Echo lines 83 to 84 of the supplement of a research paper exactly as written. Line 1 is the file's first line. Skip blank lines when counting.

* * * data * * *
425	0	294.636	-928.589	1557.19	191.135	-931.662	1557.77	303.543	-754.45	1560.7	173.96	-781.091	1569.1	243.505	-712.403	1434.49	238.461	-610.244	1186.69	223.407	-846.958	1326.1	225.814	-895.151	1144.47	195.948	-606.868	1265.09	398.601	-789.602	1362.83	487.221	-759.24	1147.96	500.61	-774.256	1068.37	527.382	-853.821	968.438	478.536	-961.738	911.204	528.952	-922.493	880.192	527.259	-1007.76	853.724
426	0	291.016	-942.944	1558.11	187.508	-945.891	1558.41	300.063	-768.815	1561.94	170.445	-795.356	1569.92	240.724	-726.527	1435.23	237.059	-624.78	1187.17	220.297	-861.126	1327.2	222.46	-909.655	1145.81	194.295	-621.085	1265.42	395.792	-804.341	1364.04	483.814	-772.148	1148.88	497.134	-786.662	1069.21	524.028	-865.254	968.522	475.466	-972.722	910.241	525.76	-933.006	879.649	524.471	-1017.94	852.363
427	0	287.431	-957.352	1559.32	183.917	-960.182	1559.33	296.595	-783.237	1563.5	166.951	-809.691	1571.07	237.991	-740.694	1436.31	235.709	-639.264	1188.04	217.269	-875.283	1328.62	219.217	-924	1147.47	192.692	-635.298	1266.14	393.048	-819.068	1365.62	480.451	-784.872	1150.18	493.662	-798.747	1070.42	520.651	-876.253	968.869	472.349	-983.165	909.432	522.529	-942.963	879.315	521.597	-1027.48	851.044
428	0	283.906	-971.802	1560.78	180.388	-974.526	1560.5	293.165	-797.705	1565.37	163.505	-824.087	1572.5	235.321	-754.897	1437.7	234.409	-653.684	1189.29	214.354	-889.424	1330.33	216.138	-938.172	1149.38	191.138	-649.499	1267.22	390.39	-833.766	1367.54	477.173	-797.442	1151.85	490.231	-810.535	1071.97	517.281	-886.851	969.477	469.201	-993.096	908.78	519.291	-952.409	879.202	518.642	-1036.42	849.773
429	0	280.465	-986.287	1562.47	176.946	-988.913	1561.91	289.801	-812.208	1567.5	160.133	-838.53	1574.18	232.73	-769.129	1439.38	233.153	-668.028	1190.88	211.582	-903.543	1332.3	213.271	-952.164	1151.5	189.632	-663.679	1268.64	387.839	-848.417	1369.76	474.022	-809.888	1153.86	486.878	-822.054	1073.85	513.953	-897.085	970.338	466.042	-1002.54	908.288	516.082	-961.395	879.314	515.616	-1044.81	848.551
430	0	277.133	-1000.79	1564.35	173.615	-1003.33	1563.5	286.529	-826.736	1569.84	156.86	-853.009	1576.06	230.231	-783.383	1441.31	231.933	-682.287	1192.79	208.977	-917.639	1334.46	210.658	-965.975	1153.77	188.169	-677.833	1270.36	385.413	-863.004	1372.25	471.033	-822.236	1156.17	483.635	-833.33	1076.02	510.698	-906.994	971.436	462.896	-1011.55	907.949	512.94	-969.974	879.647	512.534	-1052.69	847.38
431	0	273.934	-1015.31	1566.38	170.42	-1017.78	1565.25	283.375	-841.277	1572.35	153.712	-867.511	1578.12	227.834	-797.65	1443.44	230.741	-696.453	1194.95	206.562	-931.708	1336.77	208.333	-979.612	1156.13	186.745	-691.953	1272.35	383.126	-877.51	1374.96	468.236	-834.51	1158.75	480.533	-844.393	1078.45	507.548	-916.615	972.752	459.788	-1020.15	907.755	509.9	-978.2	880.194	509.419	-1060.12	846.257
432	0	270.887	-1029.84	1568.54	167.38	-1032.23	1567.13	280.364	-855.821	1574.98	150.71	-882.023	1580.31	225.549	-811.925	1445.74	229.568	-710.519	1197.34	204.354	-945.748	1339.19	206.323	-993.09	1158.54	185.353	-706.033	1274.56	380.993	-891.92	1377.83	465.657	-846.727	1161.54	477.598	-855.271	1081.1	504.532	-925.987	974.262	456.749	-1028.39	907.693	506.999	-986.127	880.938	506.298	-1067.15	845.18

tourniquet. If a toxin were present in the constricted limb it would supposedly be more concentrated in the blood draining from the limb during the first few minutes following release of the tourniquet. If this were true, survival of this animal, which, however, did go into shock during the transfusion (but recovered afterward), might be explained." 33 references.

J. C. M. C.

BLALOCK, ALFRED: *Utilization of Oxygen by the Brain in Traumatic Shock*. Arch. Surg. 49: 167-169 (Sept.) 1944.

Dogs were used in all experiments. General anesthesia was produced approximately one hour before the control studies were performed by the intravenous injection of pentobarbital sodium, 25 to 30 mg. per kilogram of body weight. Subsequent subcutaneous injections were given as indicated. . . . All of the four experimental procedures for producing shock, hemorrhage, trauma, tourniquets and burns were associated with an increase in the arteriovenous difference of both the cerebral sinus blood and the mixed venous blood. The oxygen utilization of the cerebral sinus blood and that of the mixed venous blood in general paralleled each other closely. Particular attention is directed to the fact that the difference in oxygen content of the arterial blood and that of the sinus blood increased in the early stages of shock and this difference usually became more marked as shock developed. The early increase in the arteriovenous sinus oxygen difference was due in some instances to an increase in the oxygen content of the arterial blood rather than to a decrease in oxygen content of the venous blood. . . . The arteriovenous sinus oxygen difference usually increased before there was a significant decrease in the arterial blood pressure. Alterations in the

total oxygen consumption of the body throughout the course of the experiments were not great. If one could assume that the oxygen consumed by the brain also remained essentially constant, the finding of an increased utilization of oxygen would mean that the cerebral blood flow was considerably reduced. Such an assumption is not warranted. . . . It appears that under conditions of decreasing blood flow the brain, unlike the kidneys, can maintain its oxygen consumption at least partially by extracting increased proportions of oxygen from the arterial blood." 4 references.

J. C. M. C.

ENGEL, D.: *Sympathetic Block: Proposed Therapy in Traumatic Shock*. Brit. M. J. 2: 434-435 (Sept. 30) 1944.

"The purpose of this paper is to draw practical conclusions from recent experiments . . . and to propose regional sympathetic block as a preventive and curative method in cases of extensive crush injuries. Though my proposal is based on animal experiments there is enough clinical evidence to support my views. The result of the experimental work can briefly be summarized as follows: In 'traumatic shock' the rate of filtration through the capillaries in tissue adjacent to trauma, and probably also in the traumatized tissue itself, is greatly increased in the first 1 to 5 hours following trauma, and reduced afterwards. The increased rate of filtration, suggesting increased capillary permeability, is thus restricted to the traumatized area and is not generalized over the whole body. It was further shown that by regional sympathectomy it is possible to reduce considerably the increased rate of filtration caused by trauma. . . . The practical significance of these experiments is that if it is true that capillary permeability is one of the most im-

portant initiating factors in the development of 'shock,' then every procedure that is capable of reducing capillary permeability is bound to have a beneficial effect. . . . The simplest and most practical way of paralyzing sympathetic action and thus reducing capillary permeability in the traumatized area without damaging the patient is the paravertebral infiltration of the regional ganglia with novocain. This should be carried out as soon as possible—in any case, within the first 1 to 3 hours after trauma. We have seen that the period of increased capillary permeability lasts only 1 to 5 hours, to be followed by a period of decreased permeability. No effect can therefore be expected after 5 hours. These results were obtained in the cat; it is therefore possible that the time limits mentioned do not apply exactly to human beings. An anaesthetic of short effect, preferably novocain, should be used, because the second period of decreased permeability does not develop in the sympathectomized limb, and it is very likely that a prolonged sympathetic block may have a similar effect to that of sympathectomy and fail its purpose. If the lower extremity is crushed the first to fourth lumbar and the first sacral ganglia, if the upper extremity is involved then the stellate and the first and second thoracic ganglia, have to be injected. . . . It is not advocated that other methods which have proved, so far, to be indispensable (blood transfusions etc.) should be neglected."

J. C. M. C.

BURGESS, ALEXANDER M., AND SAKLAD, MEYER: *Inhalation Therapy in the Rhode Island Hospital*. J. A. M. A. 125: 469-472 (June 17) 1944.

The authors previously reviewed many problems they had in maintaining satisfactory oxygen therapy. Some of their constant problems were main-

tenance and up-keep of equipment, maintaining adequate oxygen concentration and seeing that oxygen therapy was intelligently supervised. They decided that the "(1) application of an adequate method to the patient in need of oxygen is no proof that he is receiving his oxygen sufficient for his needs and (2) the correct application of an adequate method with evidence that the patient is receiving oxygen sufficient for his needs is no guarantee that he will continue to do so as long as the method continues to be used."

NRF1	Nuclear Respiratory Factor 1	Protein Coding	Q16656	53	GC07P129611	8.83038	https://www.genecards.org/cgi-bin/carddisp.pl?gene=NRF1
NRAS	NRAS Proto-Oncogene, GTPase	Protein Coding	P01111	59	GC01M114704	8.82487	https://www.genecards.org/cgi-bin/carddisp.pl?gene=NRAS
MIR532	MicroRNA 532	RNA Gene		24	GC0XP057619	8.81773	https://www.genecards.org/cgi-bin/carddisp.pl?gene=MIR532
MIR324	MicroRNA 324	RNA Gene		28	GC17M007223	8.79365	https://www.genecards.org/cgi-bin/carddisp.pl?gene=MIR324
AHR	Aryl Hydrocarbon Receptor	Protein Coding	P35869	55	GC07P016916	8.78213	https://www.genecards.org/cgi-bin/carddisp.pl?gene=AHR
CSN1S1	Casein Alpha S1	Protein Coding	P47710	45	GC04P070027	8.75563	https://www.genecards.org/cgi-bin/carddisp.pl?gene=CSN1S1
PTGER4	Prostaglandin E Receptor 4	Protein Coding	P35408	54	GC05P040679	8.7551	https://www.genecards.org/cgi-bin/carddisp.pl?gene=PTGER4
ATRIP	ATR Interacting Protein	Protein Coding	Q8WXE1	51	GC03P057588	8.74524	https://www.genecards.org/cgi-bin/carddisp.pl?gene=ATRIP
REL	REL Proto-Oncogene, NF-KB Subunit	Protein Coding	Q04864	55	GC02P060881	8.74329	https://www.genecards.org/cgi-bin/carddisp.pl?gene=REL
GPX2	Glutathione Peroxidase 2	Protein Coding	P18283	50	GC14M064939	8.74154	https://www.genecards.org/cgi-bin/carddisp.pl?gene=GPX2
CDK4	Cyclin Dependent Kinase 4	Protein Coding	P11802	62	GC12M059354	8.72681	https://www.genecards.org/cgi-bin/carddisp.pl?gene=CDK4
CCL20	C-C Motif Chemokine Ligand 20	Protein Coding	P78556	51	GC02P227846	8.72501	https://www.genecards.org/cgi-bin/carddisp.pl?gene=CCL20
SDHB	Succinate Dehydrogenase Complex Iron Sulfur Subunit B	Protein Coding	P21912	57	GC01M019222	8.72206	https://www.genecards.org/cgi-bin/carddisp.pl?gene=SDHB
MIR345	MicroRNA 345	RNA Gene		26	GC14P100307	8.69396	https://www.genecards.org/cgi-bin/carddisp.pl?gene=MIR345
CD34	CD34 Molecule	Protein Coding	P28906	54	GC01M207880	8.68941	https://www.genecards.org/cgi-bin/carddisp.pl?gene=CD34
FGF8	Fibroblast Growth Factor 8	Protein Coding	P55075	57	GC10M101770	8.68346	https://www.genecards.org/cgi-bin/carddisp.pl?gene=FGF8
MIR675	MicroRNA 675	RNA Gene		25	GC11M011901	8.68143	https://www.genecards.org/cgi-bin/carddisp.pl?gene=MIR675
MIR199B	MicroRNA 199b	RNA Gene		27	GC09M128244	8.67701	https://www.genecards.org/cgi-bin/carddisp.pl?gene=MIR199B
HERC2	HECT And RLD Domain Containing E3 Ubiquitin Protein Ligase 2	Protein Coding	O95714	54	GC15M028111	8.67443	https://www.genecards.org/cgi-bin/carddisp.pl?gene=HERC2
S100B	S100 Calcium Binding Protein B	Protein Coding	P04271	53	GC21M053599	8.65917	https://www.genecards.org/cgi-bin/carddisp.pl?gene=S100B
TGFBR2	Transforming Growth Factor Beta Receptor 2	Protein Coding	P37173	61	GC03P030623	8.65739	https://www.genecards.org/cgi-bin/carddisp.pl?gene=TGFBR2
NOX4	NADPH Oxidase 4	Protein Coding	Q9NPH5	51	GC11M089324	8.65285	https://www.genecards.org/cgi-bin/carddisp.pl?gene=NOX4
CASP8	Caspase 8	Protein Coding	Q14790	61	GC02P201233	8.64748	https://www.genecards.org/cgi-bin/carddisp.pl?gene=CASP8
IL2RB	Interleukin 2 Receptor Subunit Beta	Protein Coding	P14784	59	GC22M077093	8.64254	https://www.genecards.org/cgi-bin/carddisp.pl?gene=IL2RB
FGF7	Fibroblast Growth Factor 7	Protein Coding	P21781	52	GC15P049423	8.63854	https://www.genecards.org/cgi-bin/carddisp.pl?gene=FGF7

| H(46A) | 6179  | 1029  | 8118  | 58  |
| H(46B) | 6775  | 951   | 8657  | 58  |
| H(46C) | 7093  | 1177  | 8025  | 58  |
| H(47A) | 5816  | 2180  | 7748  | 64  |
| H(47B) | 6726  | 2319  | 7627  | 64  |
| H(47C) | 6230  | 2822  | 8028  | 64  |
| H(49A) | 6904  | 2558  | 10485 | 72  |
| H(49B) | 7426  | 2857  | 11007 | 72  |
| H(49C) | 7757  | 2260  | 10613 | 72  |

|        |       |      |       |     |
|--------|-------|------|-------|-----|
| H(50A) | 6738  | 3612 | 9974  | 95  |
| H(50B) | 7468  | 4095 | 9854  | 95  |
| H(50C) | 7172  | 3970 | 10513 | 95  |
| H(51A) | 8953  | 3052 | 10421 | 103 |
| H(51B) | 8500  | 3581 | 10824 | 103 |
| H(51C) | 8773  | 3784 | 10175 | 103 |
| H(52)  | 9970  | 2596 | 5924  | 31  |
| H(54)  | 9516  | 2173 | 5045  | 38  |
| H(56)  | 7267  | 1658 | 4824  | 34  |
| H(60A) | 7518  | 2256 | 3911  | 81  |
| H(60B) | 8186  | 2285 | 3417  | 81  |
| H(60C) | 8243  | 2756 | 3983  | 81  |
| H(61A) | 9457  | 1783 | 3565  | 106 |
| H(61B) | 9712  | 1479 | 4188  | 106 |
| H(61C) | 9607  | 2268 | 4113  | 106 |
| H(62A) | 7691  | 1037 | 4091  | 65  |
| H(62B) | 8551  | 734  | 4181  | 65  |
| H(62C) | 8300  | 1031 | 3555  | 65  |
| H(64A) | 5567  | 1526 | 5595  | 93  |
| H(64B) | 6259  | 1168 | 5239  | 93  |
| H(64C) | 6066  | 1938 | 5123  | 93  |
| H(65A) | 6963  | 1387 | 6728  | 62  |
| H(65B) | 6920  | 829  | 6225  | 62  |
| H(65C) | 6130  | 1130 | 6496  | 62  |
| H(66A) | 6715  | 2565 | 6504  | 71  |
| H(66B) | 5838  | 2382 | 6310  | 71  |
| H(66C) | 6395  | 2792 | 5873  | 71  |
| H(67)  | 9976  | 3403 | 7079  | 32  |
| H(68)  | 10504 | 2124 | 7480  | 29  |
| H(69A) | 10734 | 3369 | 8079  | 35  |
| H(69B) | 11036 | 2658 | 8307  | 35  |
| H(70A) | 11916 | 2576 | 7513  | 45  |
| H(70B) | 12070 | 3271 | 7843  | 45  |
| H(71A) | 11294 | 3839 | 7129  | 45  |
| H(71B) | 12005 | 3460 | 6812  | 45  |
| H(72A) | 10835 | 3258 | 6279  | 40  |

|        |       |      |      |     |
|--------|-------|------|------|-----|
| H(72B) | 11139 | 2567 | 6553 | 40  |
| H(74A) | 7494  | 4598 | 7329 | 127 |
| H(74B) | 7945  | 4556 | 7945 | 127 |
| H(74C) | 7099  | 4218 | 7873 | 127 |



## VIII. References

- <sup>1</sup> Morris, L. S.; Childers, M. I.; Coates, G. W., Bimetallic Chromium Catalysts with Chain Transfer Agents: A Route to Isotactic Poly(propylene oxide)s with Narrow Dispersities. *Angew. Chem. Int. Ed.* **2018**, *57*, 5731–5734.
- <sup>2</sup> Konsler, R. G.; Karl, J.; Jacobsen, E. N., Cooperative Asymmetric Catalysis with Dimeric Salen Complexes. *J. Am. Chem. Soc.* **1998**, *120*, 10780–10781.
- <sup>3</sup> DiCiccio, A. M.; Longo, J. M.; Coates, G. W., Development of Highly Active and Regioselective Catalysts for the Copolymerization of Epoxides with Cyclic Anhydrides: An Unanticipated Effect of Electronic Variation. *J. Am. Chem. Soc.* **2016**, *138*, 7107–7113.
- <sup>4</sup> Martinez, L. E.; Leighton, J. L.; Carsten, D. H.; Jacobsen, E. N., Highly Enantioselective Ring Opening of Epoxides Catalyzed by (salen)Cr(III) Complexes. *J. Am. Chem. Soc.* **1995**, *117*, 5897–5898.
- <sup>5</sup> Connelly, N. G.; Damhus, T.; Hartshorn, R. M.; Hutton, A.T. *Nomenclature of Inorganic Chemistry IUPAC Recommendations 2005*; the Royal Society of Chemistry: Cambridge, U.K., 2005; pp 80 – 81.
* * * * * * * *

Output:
| H(66B) | 5838  | 2382 | 6310  | 71  |
| H(66C) | 6395  | 2792 | 5873  | 71  |